She then told me that I had to go to Corporate, and there were no names she could give me to help.  I spent an hour on their website, and found all sorts of documents on Corporate Responsibility, Vendor Practices, Shipping Procedures… you get the idea.  Nothing on how to become a vendor.

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I tried customer service, and was on hold for a half hour to be told to call Corporate.  I called Corporate and was referred back to the customer service number.   Has anyone out there any knowledge of what the process REALLY is.  I mean, they have to buy cleaning materials from somewhere?   This stuff is a perfect fit, its new technology, and I know they can’t make it for themselves in China.

Help!!!!!

 

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Carl Icahn: PayPal must eat or be eaten to survive in payments

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by Cromwell Shubarth – Carl Icahn: PayPal must eat or be eaten to survive in payments. Carl Icahn, the activist shareholder who earlier this year pushed eBay to split off PayPal, called the company’s decision to do so, announced today, a “no brainer” — and said more must be done.

“The payments industry, of which PayPal is an important part, must be consolidated — either through acquisitions made by PayPal or a merger between PayPal and another strong player in the industry,” Icahn said in a statement on his blog .
Icahn and eBay CEO John Donahoe fought for months over the proposal to split off PayPal, which the investor said came “perhaps a little later than they should have, but earlier than we expected.”

Apple Inc.’s plans to get into the payments industry make the split — and additional strategic moves by PayPal — imperative, Icahn said Tuesday.
“In light of the development of strong competition such as the advent of Apple Pay, the sooner these consolidations take place, the better,” he wrote.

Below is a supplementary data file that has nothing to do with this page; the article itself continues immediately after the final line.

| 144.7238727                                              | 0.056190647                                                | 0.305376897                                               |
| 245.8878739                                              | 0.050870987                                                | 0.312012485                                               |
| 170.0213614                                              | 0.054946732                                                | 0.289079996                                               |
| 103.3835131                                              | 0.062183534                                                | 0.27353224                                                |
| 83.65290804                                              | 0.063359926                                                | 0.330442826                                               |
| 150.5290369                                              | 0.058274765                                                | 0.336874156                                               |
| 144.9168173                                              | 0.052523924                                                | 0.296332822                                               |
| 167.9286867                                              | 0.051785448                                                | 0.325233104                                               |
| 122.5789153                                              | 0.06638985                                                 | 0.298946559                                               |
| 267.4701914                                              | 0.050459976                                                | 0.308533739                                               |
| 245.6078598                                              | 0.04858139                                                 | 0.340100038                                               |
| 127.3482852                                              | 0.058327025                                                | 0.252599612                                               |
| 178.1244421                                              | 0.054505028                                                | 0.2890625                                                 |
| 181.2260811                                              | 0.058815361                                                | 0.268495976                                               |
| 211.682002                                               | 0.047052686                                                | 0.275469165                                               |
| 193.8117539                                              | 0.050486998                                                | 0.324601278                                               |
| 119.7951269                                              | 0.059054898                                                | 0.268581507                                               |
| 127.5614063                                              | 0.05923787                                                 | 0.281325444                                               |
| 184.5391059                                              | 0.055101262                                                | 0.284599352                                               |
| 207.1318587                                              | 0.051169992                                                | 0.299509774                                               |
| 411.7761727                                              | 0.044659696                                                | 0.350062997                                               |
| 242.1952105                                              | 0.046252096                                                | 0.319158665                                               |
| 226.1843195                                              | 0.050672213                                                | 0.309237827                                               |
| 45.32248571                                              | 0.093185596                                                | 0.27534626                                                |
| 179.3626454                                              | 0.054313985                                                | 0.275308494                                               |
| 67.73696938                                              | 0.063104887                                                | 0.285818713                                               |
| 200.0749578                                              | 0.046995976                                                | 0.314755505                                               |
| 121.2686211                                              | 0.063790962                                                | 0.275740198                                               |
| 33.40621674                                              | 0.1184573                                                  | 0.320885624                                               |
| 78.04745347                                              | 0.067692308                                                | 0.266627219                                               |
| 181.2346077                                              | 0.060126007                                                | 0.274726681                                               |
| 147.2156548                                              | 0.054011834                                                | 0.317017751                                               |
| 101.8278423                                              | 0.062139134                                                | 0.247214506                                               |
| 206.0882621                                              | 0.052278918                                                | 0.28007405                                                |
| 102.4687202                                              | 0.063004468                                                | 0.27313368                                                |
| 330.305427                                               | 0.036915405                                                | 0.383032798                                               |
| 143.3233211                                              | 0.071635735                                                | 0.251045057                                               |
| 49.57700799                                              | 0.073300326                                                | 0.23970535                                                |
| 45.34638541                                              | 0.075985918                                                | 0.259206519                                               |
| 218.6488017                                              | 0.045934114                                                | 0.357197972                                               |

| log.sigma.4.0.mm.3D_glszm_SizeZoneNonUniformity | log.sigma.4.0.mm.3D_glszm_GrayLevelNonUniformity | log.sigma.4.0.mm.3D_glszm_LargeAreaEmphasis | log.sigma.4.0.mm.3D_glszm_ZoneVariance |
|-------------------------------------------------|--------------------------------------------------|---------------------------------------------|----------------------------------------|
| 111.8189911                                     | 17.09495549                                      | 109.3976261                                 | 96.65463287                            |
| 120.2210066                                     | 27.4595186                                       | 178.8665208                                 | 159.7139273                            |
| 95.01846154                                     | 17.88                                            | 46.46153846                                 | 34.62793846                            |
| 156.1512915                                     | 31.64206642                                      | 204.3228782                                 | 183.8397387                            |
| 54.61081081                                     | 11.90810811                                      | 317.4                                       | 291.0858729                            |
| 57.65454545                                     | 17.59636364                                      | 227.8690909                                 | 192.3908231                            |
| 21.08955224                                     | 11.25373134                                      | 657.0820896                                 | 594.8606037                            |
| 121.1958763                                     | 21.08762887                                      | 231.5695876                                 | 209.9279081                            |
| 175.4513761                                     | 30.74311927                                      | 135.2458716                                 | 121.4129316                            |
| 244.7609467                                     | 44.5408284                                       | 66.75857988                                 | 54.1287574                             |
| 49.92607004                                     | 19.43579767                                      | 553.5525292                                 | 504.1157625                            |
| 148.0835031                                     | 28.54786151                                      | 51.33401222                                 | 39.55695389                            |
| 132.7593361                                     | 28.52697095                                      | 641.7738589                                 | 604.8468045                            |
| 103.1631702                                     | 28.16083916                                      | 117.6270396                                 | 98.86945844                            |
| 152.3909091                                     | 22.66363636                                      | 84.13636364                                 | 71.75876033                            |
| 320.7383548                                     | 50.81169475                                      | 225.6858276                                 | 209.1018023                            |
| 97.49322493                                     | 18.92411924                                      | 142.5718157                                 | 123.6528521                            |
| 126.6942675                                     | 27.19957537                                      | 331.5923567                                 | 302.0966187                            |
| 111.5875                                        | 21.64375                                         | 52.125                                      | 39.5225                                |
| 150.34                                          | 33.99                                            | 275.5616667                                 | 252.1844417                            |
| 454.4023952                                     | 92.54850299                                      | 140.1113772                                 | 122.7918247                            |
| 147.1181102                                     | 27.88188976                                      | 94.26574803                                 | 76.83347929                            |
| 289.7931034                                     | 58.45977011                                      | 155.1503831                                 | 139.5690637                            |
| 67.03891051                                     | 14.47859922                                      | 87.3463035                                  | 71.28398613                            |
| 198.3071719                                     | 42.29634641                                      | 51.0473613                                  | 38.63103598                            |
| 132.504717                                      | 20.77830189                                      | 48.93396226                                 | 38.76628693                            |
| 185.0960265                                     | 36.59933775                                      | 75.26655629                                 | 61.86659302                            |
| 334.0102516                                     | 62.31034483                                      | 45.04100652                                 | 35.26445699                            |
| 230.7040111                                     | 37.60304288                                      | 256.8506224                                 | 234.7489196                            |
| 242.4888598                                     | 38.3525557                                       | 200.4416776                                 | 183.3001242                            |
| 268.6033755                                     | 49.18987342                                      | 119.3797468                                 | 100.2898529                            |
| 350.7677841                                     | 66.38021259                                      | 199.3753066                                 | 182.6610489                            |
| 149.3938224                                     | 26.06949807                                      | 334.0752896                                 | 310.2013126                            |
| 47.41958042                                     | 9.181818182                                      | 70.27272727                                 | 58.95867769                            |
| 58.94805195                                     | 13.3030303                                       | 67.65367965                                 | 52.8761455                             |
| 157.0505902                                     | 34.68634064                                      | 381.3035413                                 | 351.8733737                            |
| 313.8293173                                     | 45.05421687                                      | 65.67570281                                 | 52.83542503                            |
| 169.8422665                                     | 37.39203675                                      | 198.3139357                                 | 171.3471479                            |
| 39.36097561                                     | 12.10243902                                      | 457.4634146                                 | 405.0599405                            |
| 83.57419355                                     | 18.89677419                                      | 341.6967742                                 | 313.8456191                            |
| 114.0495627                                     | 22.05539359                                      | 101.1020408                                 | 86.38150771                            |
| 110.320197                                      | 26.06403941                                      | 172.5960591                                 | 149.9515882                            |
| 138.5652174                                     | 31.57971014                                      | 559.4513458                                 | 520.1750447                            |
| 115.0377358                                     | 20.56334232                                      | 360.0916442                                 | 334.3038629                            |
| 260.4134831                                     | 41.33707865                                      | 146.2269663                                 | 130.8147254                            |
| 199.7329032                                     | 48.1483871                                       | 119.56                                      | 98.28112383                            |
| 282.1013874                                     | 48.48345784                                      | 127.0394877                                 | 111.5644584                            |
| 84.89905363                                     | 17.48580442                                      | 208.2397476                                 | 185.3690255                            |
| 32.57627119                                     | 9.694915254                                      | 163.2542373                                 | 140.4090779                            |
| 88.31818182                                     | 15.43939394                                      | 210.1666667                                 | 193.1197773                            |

As a major shareholder in eBay, Icahn said he plans to discuss the situation with Donahoe. “As I have said in the past and continue to believe, (he) has the interest of enhancing value for all shareholders as his major concern.”
San Jose-based EBay’s stock rose nearly 8 percent at around $57 on Tuesday after news of the pending split-off of PayPal, but was trading short of its 52-week high of $59.20 earlier this year.

 

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Risky Business: 6 Tips Helping Professionals Take Those Leaps of Faith

Scott Petinga HI

By Scott Petinga

As a former Marine, cancer survivor and highly successful serial entrepreneur, I’ve learned a thing or two about risk. If you’re happy languishing in a gelatinous pool of indifference and stagnation then, by all means, keep doing what you’re doing. If you’re ready to take a leap and change things for the better, here’s some wisdom to get you started:

  1. Realize you take risks every day. Getting up, answering the phone, and heading out the door are all risks, albeit minor ones. However, every time you do those things you’re putting yourself out there—you’re even risking rejection daily in your professional and personal life. You do these things every day and survive. Trust me, it won’t kill you. You are very capable of risk taking. Now it’s time to ramp it up. You’ve already got a toe in the water so jumping in the rest of the way isn’t as big a shock. Taking risks is a state of mind. Knowing you can do it on a small scale makes it a lot easier to start taking risks on a larger one.

  2. Find comfort in the uncomfortable.